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Goldstein, Angelo

(1889–1947), politician, lawyer, and Zionist leader. Angelo Goldstein was born into a rabbi’s family in Milevsko (Mühlhausen), Bohemia. He studied law in Prague and was an active member of the Zionist Bar Kochba Association. He was the cofounder of the Theodor Herzl Association in 1909 and chaired this first Czech Zionist student group in 1909–1910. He served in the Austro-Hungarian army during World War I and was wounded. After the war, he opened a law office in Prague.


Goldstein was a cofounder and vice president of Židovská Strana (the Jewish Party of Czechoslavakia), vice president of the Central Committee of the Zionist Confederation in Czechoslovakia, a member of the presidium of the Jewish religious community in Prague, as well as a member of the Prague city council. He was engaged in several libel actions against Židovská Strana (in particular, he served as counsel to Emil Margulies in the Hirschler-Weber case of 1928). Following the death of Ludvík Singer in 1931, who had represented Židovská Strana as its deputy in the Czechoslovak parliament, Goldstein served as his replacement; reelected in 1935, he became a member of the Social Democratic faction in parliament. As deputy he not only championed the rights of Jews (he lobbied for financial support of the Jewish schools in Slovakia and Subcarpathian Rus’, protested against antisemitic incidents, and demanded greater political rights for Jewish refugees from Germany) but also became a specialist in monetary issues, creating the law to safeguard Czechoslovak currency. In 1937 Goldstein and Ḥayim Kugel helped to formulate a law aimed at reorganizing Jewish religious communities in Bohemia, Moravia, and Silesia.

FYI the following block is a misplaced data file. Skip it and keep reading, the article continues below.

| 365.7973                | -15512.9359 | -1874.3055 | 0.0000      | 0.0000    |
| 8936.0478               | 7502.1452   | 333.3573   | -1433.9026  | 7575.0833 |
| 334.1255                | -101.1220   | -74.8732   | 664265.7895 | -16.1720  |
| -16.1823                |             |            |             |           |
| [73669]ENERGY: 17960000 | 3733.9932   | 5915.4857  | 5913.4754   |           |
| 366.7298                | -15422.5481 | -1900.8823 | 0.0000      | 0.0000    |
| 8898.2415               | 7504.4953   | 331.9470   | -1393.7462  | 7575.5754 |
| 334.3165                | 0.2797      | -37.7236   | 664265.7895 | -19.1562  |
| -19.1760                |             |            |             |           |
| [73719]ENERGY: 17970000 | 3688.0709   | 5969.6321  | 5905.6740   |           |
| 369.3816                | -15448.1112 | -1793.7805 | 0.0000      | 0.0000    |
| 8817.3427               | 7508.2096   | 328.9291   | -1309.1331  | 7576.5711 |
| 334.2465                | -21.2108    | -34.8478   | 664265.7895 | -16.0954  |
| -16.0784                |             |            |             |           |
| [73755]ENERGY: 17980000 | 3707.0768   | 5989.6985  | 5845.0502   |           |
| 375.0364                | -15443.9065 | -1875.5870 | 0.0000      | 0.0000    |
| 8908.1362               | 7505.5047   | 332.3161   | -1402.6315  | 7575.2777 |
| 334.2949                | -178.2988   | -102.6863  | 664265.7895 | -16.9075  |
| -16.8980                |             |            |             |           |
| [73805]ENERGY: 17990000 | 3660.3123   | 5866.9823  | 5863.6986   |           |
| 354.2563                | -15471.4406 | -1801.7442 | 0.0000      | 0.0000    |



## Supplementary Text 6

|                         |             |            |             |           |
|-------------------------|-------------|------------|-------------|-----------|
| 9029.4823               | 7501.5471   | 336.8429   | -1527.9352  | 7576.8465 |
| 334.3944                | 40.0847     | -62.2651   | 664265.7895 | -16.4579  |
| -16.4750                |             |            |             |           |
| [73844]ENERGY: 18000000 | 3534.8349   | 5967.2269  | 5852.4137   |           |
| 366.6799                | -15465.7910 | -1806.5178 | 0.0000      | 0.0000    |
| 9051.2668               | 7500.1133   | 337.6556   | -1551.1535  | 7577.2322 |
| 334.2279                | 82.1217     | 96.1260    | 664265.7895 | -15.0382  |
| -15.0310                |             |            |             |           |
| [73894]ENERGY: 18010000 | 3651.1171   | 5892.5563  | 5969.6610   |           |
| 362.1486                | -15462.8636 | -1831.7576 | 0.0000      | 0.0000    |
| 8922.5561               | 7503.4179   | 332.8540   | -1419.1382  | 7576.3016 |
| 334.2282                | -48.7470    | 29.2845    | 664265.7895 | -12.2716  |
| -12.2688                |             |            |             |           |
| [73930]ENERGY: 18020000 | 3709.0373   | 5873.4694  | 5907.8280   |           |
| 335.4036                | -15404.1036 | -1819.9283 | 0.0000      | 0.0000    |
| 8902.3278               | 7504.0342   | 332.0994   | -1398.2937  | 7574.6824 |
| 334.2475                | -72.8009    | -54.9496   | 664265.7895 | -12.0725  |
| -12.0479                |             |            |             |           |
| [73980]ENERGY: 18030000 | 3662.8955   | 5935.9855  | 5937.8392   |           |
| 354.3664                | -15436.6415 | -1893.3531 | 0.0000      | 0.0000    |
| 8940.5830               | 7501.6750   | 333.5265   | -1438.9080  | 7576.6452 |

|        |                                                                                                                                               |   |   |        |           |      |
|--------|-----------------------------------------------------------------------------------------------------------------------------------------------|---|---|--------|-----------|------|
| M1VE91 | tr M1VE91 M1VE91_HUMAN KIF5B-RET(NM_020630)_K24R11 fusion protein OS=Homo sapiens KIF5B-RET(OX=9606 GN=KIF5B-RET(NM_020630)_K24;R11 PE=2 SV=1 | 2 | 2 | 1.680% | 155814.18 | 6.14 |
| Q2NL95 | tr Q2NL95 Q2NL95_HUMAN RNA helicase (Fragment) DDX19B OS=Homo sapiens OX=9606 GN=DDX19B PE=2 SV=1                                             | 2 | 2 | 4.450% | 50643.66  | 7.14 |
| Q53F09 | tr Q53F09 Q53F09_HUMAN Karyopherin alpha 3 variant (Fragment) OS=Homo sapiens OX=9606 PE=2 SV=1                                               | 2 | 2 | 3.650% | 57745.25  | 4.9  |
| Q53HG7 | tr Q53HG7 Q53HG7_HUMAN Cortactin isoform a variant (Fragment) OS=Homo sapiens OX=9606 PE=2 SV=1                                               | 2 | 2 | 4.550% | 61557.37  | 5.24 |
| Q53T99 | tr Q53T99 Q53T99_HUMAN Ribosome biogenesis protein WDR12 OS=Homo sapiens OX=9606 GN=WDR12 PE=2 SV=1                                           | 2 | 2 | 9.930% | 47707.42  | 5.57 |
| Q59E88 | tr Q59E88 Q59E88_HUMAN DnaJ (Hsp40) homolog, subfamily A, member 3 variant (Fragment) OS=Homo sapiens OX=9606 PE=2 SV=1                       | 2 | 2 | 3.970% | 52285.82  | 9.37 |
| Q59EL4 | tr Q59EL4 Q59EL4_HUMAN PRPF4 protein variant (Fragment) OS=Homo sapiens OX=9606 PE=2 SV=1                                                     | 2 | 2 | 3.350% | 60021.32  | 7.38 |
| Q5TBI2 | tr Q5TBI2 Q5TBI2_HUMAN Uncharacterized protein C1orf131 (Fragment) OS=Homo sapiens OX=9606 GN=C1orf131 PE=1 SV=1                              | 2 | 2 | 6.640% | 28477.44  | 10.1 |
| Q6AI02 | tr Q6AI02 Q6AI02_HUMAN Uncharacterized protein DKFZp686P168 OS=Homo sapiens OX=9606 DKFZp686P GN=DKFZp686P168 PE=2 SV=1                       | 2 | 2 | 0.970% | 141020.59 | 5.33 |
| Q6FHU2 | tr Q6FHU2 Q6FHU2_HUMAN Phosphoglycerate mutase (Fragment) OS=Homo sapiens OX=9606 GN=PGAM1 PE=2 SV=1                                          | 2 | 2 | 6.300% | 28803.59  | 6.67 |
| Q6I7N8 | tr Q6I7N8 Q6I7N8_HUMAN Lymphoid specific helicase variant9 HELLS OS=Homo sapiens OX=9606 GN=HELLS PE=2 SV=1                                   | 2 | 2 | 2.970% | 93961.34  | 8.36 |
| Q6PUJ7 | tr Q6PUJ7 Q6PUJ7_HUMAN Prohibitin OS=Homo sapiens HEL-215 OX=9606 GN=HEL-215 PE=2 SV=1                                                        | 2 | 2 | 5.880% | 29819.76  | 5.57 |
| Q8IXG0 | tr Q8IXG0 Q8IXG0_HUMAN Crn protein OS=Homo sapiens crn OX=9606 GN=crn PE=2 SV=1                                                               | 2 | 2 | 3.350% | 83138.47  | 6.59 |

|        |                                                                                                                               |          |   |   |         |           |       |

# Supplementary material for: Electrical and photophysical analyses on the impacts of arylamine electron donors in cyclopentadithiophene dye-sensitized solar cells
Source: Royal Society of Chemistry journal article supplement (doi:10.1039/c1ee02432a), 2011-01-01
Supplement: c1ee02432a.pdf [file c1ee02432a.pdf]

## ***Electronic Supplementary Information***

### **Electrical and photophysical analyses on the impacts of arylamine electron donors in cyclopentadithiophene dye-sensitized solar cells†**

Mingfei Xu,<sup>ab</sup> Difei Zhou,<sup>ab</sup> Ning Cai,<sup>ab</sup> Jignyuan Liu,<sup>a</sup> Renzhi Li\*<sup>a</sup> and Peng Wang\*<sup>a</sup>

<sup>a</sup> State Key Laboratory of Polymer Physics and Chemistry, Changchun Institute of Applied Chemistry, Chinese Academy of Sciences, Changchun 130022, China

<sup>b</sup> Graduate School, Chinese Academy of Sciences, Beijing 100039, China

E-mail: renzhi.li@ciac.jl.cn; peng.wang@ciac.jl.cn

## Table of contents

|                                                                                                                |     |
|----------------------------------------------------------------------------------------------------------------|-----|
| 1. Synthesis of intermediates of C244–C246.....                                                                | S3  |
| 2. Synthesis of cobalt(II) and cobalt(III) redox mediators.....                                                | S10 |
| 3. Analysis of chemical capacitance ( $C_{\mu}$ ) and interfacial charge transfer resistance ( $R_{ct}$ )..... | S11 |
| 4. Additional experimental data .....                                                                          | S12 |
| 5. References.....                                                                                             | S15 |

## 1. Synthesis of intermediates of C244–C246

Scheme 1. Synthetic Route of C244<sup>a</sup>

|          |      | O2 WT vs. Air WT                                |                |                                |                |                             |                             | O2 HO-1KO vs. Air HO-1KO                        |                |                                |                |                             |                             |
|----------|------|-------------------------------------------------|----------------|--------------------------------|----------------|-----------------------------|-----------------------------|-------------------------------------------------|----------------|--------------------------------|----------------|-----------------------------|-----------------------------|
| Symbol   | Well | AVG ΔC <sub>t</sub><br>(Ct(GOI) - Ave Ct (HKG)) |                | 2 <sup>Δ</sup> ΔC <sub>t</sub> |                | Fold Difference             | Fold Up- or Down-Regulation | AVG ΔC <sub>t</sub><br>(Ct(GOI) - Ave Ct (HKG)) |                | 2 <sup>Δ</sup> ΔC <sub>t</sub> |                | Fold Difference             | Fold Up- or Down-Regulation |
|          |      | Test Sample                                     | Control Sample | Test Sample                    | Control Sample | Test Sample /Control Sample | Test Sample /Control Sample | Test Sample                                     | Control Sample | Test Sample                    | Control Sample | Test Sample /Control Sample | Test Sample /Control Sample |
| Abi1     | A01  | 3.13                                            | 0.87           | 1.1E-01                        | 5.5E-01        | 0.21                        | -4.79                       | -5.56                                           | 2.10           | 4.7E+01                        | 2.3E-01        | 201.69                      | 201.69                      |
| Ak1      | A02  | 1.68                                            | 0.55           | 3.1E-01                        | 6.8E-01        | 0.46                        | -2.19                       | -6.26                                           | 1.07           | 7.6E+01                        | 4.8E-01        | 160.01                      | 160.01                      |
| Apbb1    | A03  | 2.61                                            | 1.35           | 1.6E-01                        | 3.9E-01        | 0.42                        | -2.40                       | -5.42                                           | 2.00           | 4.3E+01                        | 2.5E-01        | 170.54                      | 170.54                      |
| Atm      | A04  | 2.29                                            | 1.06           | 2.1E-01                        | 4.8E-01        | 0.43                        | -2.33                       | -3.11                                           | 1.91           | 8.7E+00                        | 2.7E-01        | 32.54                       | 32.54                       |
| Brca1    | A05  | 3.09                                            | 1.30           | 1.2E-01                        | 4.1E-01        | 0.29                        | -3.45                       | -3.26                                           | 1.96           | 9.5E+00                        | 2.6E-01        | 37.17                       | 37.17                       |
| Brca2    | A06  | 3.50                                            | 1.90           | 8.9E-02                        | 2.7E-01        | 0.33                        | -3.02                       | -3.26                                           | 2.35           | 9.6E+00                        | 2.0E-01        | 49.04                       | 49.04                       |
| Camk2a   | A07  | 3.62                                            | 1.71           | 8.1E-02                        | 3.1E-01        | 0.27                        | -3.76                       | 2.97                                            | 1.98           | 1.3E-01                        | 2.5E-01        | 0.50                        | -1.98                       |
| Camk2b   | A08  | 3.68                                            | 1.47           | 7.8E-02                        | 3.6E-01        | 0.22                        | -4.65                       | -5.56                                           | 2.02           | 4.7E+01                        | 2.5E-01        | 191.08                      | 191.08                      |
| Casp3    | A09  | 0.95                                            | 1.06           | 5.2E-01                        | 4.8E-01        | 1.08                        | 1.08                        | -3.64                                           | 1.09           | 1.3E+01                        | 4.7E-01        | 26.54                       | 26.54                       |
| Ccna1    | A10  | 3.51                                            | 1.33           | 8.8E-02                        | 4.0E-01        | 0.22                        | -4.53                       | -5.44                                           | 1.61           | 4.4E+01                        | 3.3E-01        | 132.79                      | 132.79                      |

As a Zionist, Goldstein supported the politics of Chaim Weizmann and served on the Zionist General Council (1931–1935) on behalf of the Progressive General Zionist faction. In 1939, he immigrated to Palestine, where he practiced law. In 1943 he published the article “Právní podklady židovské politiky v Československu” (The Legal Basis of Jewish Politics in Czechoslovakia), which was included in the collection Czechoslovak Jewry: Past and Future, published that year by the Czechoslovak Jewish Representative Committee in New York on the occasion of the twenty-fifth anniversary of the establishment of the Czechoslovak Republic.

Suggested Reading

Aharon Moshe K. Rabinowicz, “The Jewish Party: A Struggle for National Recognition, Representation and Autonomy,” in The Jews of Czechoslovakia, vol. 2, pp. 253–346 (Philadelphia, 1971).

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